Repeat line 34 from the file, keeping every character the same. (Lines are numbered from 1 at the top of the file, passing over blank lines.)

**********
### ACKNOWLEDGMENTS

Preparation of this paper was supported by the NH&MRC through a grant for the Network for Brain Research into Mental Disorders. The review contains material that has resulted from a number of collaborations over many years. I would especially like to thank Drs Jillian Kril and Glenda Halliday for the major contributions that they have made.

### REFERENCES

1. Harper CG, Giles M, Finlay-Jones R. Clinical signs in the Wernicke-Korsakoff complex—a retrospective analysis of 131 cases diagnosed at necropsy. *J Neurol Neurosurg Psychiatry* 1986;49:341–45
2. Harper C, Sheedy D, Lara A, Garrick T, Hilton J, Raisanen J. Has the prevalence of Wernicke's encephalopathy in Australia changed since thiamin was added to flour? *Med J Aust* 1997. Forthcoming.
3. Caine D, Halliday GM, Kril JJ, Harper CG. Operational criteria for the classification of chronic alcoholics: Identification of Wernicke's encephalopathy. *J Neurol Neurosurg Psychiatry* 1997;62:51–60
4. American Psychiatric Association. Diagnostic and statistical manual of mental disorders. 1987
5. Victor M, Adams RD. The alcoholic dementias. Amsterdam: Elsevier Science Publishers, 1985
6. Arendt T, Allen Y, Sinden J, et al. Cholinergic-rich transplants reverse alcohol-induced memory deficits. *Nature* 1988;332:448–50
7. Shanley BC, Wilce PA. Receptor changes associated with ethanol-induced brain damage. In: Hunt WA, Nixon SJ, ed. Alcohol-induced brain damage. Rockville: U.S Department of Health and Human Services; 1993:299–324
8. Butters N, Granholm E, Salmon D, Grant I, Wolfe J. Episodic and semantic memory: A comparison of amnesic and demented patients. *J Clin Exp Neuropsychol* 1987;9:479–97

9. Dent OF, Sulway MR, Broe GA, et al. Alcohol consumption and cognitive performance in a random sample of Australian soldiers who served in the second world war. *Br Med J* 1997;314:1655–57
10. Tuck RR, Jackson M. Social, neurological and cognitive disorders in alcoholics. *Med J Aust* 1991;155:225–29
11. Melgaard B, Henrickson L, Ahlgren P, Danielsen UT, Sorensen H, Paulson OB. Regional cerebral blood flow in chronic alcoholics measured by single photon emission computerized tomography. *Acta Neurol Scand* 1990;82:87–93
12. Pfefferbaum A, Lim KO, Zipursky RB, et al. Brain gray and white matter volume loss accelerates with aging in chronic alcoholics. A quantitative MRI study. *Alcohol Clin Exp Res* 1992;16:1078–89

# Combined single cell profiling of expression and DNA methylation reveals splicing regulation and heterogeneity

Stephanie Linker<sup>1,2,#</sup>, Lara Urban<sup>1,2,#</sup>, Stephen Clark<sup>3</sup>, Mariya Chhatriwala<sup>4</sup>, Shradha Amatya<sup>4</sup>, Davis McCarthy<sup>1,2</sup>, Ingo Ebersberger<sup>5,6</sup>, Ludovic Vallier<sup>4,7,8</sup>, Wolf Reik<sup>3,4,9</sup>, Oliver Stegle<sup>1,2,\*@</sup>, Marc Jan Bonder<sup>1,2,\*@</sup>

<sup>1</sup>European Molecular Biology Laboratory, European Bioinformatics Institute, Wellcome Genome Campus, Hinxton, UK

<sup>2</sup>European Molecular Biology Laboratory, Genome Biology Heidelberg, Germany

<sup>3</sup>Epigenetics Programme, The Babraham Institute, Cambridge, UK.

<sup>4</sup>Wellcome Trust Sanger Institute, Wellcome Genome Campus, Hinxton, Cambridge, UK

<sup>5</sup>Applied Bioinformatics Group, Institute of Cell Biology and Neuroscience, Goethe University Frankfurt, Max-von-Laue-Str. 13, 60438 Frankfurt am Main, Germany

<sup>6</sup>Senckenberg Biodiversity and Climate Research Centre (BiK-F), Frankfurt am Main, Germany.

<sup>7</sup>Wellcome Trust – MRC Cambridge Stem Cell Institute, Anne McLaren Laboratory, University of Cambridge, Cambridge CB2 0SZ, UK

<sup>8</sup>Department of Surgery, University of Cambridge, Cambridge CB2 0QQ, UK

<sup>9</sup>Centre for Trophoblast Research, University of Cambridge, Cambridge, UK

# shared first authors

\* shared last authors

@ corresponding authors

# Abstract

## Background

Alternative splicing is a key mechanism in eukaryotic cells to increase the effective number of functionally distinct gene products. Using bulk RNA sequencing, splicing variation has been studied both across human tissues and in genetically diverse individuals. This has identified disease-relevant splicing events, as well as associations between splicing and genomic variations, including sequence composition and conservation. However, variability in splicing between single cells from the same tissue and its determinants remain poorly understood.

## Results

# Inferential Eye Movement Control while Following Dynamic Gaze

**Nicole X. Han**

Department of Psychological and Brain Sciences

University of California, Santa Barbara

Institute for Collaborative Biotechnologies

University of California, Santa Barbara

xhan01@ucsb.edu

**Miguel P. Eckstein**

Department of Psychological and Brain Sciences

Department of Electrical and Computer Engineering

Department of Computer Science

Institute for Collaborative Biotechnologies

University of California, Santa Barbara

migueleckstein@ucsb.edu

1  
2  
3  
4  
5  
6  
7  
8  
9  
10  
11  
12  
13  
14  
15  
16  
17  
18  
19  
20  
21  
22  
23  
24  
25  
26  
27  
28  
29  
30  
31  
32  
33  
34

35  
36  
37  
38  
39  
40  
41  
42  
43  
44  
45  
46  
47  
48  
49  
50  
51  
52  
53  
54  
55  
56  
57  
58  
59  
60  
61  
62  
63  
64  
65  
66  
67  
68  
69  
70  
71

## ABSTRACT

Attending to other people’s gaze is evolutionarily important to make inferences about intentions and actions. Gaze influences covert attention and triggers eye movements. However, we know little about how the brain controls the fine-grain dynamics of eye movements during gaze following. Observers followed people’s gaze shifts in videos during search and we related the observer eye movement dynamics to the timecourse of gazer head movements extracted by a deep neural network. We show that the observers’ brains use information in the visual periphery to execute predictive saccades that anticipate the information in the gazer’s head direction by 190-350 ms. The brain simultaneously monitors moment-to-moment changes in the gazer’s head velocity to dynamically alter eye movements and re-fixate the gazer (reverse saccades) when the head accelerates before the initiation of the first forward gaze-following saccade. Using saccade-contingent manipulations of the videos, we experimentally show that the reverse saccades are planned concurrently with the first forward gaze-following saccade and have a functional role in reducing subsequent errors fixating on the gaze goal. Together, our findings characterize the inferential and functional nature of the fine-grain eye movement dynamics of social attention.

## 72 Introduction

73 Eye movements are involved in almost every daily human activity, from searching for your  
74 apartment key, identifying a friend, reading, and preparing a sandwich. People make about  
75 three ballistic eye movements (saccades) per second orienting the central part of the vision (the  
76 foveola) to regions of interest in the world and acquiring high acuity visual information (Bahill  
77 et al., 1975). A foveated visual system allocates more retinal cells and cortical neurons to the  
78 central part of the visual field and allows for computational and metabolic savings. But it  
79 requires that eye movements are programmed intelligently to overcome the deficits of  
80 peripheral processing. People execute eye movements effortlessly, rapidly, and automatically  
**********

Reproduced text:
# Inferential Eye Movement Control while Following Dynamic Gaze